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Memorial Day

Walter Russell Mead

Today, on Memorial Day, beyond remembering those that have made the ultimate sacrifice for the United States—twenty-one in the past year in Syria, Iraq, and Afghanistan—it’s worth remembering that many thousands continue to put their lives on the line every single day all around this increasingly unstable world.

It’s also worth remembering the U.S. soldier killed by a white supremacist a week ago at the University of Maryland, as well as the veteran stabbed to death on an Oregon train for defending Muslims. Both of these stories are a reminder that under the strain of war and political polarization, the United States is slowly becoming an uglier and more dangerous place. On the Right and on the Left, there are too many people who think that the other side is actively evil, and we are seeing violence slowly leak into our politics.

It’s worth remembering that our problems aren’t really caused by our domestic political opponents. The shift from a mature industrial economy and the decline of the blue social model isn’t coming because bad people are doing bad things. Radical jihadis and terrorists stalking us from the shadows hate the American Left as much as they hate the American Right. And while we are divided—as a diverse and complicated society inevitably must be—on a whole range of social, economic and political issues, we have a long history of finding peaceful and creative compromise solutions to even the most difficult problems.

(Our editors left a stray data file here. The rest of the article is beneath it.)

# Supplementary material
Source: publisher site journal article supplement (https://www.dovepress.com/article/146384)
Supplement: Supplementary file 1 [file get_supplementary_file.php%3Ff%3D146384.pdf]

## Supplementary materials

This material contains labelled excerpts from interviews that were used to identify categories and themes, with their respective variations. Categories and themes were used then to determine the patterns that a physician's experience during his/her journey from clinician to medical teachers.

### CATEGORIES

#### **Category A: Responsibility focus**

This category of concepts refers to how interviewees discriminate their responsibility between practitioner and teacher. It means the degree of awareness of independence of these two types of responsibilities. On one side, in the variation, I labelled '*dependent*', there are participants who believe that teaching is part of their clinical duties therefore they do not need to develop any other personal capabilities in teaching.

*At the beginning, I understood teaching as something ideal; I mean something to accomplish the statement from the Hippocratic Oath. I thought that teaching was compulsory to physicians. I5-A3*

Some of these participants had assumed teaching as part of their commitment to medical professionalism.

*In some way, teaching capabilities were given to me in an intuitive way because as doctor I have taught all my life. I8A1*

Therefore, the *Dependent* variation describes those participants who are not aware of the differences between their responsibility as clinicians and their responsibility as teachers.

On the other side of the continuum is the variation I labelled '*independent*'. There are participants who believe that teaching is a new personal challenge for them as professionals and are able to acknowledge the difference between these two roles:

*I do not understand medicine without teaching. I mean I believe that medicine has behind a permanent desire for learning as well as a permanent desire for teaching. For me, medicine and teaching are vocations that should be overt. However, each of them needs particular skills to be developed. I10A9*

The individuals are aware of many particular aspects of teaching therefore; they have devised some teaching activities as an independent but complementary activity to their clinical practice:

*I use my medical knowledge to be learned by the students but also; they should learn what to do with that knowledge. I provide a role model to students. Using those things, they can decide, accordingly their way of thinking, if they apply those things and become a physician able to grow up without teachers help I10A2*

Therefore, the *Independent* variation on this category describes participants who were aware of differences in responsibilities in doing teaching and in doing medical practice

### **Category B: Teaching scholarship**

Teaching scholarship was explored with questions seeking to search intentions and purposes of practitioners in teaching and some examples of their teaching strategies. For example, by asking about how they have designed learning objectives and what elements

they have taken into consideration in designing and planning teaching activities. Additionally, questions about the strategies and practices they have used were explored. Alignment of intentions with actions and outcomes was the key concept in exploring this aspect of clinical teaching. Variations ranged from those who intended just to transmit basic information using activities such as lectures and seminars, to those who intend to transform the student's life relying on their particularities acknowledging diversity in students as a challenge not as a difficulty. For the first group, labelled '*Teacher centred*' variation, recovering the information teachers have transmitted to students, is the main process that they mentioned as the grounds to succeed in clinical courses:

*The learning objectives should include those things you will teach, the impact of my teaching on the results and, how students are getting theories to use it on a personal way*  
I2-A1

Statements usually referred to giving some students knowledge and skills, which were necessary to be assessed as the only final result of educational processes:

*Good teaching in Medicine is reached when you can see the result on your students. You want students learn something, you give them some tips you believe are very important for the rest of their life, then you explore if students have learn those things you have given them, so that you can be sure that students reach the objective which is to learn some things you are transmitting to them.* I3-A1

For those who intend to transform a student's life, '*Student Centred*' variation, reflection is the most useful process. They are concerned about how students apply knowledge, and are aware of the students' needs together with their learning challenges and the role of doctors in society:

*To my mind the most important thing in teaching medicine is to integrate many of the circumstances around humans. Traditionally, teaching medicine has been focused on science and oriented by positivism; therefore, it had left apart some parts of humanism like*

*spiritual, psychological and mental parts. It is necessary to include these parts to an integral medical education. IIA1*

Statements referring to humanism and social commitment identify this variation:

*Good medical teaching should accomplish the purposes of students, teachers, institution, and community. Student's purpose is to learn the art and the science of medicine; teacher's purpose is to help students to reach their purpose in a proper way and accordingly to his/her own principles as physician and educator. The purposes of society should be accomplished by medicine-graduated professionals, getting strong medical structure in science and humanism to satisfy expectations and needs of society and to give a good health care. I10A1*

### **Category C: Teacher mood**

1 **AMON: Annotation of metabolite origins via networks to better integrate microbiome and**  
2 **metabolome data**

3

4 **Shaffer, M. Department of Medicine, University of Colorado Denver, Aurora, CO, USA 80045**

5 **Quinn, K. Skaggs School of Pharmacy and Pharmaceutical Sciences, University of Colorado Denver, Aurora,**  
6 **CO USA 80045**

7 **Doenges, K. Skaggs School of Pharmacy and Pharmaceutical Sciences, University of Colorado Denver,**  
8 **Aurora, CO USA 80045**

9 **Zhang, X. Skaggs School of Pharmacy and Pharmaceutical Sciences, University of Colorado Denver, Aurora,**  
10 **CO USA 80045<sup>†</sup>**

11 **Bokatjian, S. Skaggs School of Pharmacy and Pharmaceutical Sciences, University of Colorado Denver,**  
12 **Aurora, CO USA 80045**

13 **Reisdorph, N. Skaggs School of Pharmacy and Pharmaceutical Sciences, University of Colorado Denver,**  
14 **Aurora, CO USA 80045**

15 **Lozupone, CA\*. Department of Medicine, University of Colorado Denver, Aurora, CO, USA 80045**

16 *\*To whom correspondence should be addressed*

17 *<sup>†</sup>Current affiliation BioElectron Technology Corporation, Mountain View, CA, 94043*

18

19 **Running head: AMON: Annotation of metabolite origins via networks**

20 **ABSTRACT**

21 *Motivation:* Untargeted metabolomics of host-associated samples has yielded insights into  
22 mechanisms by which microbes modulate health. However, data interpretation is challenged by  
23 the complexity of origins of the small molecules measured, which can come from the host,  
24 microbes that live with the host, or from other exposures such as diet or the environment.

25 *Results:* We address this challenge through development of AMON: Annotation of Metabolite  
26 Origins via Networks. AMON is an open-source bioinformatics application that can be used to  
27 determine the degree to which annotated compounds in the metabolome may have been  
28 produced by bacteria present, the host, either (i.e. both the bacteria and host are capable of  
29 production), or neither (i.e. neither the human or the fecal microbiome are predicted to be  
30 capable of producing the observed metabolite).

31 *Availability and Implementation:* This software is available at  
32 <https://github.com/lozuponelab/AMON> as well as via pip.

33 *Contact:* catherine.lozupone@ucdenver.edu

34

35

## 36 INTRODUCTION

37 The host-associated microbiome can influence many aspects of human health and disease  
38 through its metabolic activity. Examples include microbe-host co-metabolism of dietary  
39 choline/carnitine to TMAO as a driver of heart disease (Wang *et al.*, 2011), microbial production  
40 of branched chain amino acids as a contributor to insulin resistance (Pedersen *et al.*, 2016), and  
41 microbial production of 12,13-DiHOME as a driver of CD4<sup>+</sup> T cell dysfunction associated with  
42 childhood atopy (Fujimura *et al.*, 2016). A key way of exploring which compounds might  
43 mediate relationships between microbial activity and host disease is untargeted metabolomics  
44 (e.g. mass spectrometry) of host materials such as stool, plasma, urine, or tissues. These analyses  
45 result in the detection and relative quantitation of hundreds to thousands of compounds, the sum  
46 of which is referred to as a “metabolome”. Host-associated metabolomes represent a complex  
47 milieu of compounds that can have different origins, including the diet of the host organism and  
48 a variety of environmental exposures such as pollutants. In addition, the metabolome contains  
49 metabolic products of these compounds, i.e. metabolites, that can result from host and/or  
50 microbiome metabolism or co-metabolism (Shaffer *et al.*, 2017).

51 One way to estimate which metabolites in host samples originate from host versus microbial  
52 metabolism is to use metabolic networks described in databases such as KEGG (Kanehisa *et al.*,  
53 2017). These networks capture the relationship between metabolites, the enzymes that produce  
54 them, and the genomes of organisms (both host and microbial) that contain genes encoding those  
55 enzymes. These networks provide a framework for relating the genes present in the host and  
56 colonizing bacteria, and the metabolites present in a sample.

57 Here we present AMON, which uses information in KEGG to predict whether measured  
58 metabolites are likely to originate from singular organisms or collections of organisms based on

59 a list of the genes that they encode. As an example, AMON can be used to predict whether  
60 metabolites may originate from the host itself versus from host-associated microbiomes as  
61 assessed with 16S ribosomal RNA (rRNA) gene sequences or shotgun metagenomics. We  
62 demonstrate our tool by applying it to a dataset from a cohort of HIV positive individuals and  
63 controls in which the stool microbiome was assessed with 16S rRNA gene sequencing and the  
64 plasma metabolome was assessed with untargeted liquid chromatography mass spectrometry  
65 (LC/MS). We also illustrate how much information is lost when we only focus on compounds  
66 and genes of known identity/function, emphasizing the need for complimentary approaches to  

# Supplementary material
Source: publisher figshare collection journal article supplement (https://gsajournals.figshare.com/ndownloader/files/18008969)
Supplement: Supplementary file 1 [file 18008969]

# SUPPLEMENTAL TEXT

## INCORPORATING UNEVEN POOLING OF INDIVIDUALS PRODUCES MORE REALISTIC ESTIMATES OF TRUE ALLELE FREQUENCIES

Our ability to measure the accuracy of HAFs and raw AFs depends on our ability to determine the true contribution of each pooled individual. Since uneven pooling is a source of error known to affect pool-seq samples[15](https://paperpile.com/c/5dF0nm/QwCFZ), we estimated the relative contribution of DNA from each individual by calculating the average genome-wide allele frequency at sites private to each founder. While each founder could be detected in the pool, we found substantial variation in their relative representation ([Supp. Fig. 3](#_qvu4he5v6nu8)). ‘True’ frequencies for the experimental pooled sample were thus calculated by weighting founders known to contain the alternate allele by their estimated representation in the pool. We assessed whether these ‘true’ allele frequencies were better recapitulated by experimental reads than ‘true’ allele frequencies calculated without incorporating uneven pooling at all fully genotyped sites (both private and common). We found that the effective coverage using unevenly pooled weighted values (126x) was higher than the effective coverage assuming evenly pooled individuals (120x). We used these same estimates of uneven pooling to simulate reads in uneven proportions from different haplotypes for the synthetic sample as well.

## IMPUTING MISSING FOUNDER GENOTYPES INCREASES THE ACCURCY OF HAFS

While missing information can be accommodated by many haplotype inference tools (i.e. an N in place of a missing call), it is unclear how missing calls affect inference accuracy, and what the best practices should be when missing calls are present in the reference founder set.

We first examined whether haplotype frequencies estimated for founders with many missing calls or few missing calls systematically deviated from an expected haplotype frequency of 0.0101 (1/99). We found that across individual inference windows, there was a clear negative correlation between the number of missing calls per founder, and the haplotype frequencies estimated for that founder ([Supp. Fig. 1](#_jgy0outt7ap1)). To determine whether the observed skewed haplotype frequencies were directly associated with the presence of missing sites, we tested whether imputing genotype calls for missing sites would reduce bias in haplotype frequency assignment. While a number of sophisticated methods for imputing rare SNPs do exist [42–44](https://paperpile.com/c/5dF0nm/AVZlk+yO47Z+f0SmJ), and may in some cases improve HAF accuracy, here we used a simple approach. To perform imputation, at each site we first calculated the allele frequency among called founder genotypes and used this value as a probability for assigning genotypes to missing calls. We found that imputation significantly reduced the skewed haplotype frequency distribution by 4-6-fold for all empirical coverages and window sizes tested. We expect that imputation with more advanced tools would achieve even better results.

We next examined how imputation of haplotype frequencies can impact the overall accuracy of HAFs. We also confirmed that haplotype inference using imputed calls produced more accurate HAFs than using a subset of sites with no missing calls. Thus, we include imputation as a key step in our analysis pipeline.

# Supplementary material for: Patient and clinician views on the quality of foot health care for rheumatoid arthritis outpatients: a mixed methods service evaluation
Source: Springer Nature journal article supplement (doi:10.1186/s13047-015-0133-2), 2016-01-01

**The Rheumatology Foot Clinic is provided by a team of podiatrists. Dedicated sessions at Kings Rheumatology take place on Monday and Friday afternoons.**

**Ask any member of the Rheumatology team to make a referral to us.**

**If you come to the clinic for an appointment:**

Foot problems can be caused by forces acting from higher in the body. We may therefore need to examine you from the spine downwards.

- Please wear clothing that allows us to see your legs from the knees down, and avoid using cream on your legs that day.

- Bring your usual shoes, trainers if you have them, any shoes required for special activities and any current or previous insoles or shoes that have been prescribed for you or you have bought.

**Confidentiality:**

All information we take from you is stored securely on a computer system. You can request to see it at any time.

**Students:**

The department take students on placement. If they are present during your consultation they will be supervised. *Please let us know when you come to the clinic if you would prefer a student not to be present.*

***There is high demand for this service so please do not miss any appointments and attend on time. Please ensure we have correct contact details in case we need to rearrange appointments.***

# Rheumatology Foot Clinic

Memorial Day is not just a day to remember the sacrifices of those who have given their lives to defend us. It’s a time to honor their sacrifice by rededicating ourselves to the job of making this country worthy of these sacrifices—by cultivating the virtues of tolerance, engagement, respect and liberty that have made America great in the past—and will keep her great if we will honor and practice them now.

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